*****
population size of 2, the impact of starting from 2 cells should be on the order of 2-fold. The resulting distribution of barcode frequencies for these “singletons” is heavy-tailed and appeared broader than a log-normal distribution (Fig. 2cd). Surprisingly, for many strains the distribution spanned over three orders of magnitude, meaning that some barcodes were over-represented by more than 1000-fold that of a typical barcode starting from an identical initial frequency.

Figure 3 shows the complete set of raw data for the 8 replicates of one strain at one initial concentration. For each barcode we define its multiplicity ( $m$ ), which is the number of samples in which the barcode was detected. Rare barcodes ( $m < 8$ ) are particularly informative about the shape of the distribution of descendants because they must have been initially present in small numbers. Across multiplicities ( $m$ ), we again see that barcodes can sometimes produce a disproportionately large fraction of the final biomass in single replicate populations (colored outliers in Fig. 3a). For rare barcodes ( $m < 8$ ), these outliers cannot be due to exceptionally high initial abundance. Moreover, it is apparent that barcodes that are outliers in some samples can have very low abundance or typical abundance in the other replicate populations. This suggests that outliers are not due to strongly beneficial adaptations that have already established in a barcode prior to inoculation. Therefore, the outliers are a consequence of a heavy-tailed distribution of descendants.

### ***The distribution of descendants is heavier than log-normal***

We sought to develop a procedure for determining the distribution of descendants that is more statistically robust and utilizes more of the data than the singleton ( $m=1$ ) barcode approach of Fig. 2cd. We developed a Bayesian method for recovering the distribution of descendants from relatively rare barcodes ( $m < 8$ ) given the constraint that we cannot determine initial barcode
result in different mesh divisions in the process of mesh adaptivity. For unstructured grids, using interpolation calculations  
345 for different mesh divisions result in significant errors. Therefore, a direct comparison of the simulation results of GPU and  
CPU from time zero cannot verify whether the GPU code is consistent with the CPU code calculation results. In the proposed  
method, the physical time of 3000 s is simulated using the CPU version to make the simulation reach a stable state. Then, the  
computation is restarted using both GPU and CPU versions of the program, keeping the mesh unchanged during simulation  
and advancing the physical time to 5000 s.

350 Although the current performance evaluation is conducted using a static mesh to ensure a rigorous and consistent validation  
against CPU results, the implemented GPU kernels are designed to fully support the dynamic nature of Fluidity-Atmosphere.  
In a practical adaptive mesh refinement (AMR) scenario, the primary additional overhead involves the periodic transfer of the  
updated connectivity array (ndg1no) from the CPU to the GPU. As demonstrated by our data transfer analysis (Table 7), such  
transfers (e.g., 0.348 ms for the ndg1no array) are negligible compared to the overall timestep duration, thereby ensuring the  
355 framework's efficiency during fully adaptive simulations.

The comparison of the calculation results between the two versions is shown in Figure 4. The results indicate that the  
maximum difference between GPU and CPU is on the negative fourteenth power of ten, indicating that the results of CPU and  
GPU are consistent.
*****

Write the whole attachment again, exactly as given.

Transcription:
population size of 2, the impact of starting from 2 cells should be on the order of 2-fold. The resulting distribution of barcode frequencies for these “singletons” is heavy-tailed and appeared broader than a log-normal distribution (Fig. 2cd). Surprisingly, for many strains the distribution spanned over three orders of magnitude, meaning that some barcodes were over-represented by more than 1000-fold that of a typical barcode starting from an identical initial frequency.

Figure 3 shows the complete set of raw data for the 8 replicates of one strain at one initial concentration. For each barcode we define its multiplicity ( $m$ ), which is the number of samples in which the barcode was detected. Rare barcodes ( $m < 8$ ) are particularly informative about the shape of the distribution of descendants because they must have been initially present in small numbers. Across multiplicities ( $m$ ), we again see that barcodes can sometimes produce a disproportionately large fraction of the final biomass in single replicate populations (colored outliers in Fig. 3a). For rare barcodes ( $m < 8$ ), these outliers cannot be due to exceptionally high initial abundance. Moreover, it is apparent that barcodes that are outliers in some samples can have very low abundance or typical abundance in the other replicate populations. This suggests that outliers are not due to strongly beneficial adaptations that have already established in a barcode prior to inoculation. Therefore, the outliers are a consequence of a heavy-tailed distribution of descendants.

### ***The distribution of descendants is heavier than log-normal***

We sought to develop a procedure for determining the distribution of descendants that is more statistically robust and utilizes more of the data than the singleton ( $m=1$ ) barcode approach of Fig. 2cd. We developed a Bayesian method for recovering the distribution of descendants from relatively rare barcodes ( $m < 8$ ) given the constraint that we cannot determine initial barcode
result in different mesh divisions in the process of mesh adaptivity. For unstructured grids, using interpolation calculations  
345 for different mesh divisions result in significant errors. Therefore, a direct comparison of the simulation results of GPU and  
CPU from time zero cannot verify whether the GPU code is consistent with the CPU code calculation results. In the proposed  
method, the physical time of 3000 s is simulated using the CPU version to make the simulation reach a stable state. Then, the  
computation is restarted using both GPU and CPU versions of the program, keeping the mesh unchanged during simulation  
and advancing the physical time to 5000 s.

350 Although the current performance evaluation is conducted using a static mesh to ensure a rigorous and consistent validation  
against CPU results, the implemented GPU kernels are designed to fully support the dynamic nature of Fluidity-Atmosphere.  
In a practical adaptive mesh refinement (AMR) scenario, the primary additional overhead involves the periodic transfer of the  
updated connectivity array (ndg1no) from the CPU to the GPU. As demonstrated by our data transfer analysis (Table 7), such  
transfers (e.g., 0.348 ms for the ndg1no array) are negligible compared to the overall timestep duration, thereby ensuring the  
355 framework's efficiency during fully adaptive simulations.

The comparison of the calculation results between the two versions is shown in Figure 4. The results indicate that the  
maximum difference between GPU and CPU is on the negative fourteenth power of ten, indicating that the results of CPU and  
GPU are consistent.